WASHINGTON, D.C. – On the upcoming confirmation of Betsy DeVos as the next Secretary of Education, the ASPIRA Association, the nation’s largest national education non-profit, is urging the incoming secretary to place special emphasis on the education of low-income Latino students to reduce the drop-out rate, increase student achievement and open pathways to college.
“Latinos are the fastest growing group in the country. They already represent a quarter of all elementary school students nationwide. Therefore, the education of Latinos will be increasingly crucial to the continued economic and social well-being of the nation.” indicated Ronald Blackburn Moreno, ASPIRA President and CEO. “While there have been some gains, Latinos still lag significantly behind their white peers in achievement, high school graduation rates, and college admission and completion. The Department of Education has a crucial role to play in improving public schools that serve significant numbers of low-income Latino students. We hope that the new secretary will focus attention on improving schools in low income communities, especially low-income Latino communities, to address the underachievement of large numbers of Latino students. This will mean a continued emphasis on school accountability innovation and teacher quality.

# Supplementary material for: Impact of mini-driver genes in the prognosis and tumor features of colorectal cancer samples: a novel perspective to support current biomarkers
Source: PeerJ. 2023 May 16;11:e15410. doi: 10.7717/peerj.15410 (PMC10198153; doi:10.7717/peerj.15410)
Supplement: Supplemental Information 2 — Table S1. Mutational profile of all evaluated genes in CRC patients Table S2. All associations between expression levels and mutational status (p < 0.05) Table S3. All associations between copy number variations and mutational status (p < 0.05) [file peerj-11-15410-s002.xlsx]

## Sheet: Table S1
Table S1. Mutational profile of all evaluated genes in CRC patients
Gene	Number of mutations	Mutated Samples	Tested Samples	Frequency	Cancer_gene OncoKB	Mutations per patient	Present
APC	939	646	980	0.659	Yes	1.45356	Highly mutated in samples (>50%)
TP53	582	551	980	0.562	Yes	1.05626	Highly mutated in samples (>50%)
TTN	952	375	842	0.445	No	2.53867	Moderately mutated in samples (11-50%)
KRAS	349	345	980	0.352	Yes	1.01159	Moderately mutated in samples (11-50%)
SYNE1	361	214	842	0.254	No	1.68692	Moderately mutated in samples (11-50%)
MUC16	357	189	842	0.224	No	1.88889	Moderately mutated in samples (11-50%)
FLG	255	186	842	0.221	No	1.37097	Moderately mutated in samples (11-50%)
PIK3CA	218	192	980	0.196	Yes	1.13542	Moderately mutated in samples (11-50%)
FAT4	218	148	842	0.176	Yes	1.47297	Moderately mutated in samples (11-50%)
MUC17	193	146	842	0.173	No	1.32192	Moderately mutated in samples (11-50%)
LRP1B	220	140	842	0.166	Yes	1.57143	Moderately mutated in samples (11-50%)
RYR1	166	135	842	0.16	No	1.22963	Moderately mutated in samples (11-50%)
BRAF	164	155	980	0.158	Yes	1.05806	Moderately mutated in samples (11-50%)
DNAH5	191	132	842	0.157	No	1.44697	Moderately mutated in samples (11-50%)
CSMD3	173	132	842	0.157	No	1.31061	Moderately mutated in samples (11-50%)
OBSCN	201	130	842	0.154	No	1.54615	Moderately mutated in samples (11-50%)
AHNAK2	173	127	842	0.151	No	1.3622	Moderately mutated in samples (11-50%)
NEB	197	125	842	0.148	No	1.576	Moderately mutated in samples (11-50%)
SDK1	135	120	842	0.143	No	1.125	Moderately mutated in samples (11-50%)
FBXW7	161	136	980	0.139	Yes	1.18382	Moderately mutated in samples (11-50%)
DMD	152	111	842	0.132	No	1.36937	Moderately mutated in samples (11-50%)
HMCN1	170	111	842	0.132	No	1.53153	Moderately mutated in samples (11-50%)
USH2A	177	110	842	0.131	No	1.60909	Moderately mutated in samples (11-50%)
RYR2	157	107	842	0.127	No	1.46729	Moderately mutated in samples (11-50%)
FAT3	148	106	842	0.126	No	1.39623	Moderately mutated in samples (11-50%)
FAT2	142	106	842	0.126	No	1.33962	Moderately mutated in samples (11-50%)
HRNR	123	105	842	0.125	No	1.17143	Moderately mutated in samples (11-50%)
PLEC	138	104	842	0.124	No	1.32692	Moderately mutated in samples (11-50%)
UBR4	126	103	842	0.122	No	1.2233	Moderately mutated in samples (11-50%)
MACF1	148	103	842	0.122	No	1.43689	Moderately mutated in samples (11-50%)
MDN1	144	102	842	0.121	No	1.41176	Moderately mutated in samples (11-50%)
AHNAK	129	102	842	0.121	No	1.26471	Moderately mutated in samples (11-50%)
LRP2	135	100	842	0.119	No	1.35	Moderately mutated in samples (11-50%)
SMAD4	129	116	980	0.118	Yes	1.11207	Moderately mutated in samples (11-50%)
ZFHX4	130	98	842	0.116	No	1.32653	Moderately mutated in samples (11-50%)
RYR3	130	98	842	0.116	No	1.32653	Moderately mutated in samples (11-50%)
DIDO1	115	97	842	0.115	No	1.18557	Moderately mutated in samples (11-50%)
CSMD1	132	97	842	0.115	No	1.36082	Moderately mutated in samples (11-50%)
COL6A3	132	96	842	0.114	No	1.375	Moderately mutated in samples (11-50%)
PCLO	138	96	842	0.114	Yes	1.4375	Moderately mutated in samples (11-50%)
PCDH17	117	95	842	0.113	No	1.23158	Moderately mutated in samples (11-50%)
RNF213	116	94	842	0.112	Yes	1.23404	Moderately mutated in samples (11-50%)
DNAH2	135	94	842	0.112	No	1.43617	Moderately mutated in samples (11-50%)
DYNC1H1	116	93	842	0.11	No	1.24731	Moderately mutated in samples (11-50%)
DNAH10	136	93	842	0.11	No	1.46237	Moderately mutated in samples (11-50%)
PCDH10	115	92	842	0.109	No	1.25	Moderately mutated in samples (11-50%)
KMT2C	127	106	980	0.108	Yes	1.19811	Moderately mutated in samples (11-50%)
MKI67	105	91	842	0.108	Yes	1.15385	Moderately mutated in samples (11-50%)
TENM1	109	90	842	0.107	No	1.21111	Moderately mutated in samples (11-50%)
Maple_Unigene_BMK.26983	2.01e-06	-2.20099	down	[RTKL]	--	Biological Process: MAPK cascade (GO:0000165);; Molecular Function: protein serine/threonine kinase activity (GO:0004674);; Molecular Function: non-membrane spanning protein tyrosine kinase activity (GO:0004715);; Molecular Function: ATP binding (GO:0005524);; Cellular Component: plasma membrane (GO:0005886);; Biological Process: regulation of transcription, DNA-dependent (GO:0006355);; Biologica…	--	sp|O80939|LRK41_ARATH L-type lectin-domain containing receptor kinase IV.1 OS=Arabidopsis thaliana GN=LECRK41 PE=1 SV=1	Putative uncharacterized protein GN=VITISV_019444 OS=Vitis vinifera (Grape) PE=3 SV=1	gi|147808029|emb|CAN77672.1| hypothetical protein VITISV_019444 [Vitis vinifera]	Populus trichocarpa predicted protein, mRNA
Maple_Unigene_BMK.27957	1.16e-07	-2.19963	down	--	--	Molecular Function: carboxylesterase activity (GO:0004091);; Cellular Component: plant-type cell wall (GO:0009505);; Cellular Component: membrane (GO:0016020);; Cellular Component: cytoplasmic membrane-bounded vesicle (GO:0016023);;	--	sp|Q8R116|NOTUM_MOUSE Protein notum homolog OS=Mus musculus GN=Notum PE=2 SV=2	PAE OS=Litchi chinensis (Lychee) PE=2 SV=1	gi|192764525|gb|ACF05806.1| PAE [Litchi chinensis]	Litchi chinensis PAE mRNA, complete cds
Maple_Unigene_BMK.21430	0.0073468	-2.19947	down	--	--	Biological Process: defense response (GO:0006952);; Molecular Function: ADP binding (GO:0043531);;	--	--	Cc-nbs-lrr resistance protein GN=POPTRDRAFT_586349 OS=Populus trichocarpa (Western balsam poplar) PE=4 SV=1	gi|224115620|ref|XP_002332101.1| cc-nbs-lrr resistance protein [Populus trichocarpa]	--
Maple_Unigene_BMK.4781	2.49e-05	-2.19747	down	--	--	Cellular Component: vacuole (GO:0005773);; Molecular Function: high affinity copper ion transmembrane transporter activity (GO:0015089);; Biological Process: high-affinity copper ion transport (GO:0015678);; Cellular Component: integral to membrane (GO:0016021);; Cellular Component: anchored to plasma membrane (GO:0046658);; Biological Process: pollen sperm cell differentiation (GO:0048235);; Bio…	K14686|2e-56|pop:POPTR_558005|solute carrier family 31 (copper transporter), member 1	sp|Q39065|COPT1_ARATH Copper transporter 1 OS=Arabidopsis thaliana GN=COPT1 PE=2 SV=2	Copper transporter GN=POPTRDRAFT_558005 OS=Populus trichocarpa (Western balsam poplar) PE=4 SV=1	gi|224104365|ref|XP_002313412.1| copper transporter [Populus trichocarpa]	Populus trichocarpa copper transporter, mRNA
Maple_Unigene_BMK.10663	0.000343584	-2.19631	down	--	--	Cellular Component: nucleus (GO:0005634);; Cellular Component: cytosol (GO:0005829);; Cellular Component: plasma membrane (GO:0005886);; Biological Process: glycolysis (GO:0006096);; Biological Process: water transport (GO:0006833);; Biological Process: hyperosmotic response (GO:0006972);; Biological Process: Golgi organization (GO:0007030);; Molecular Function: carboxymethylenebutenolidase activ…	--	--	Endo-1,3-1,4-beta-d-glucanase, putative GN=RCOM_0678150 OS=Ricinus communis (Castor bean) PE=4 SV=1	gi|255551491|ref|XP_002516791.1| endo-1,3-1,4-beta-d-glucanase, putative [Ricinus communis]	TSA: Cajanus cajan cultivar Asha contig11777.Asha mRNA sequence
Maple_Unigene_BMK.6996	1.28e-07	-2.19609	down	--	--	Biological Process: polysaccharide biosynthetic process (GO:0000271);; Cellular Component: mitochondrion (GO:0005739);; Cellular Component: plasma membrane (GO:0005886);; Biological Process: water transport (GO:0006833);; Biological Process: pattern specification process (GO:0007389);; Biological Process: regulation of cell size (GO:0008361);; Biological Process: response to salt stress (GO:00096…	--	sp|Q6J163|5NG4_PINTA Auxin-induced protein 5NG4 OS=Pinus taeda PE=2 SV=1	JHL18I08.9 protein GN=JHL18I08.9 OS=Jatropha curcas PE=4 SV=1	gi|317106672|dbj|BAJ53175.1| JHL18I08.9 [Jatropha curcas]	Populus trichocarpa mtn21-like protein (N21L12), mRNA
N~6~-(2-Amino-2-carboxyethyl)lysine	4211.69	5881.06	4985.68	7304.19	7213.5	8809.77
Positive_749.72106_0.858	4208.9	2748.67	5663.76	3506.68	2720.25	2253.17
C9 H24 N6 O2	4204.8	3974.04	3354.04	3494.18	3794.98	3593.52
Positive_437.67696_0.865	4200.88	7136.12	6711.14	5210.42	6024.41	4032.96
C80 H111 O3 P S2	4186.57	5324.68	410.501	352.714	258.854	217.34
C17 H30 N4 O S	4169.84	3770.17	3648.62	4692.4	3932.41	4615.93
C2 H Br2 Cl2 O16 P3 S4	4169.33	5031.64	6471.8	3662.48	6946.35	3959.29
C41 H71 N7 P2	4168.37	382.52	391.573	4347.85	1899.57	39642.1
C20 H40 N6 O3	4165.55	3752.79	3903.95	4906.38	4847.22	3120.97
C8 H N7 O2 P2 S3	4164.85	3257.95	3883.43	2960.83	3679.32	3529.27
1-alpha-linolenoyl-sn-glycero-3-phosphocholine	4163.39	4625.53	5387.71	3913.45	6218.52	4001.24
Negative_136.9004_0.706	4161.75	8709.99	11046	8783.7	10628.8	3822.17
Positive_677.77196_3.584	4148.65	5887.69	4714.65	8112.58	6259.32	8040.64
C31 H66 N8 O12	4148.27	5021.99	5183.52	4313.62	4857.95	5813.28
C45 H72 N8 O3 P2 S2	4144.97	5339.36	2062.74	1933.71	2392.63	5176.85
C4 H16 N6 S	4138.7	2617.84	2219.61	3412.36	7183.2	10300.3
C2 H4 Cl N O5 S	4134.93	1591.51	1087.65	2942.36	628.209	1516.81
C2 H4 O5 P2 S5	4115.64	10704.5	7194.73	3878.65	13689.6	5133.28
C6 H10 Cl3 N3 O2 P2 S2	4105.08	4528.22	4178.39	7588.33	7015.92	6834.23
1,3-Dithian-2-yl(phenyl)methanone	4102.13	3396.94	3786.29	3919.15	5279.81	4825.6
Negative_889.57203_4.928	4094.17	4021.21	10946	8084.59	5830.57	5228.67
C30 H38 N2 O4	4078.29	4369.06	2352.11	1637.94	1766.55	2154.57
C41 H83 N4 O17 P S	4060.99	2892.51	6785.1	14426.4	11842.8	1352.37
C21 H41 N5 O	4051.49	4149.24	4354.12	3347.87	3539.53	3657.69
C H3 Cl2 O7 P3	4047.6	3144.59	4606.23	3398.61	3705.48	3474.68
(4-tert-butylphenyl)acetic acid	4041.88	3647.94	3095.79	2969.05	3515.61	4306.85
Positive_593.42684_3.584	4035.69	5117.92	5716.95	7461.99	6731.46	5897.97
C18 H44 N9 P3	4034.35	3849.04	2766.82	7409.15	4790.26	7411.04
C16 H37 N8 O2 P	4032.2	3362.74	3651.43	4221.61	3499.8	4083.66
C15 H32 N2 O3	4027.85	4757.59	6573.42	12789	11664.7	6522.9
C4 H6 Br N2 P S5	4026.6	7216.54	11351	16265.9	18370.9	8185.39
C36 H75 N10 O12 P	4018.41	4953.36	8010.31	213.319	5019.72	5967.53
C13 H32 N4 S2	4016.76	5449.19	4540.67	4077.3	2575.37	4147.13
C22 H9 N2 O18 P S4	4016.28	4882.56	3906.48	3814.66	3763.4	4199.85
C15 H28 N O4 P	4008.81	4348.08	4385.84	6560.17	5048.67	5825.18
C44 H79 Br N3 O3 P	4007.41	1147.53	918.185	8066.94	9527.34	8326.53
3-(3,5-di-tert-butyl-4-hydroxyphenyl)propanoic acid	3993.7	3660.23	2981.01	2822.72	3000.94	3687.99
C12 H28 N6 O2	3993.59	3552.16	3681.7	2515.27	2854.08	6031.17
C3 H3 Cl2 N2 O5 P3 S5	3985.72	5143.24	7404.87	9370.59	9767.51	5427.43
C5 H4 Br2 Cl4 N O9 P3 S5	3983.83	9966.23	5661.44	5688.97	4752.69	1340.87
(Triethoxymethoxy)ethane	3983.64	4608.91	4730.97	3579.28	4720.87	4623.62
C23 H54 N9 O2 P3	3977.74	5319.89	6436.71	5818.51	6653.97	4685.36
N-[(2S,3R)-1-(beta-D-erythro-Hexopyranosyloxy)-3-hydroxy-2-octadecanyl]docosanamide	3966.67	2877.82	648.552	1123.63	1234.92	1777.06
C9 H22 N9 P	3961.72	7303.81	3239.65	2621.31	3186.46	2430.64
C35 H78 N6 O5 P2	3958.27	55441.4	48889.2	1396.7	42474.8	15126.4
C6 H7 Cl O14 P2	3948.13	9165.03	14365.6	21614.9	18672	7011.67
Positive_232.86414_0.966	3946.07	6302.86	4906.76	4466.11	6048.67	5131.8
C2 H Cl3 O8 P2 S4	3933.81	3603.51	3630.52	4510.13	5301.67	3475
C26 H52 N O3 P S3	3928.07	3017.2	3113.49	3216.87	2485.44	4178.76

As an operator of public charter schools, ASPIRA welcomes the new secretary’s support of charter schools as an alternative to regular public schools in specific low-income areas where the regular public schools have failed their communities. We trust that she will continue to support effective public charters by providing the additional resources these schools need to serve large numbers of disadvantaged Latino students. We also urge the secretary to work with Congress reduce barriers to postsecondary education for Latino students, including increasing support for Hispanic Serving Institutions, and supporting programs that make college affordable for Latino families.
“ASPIRA is committed to working with the Department of Education on these priorities. We trust that the new secretary will be open to working to bring together states, local communities, parents, schools, teachers, and non-profits, to make significant progress in the education of Latino children and youth.” said Blackburn Moreno.
Founded in New York in 1961, ASIPIRA is the only national Latino organization dedicated exclusively to the education and leadership development of Latino youth. For over 50 years, ASPIRA has fostered educational excellence and civic engagement among Latino youth and to build a new generation of Latino leaders.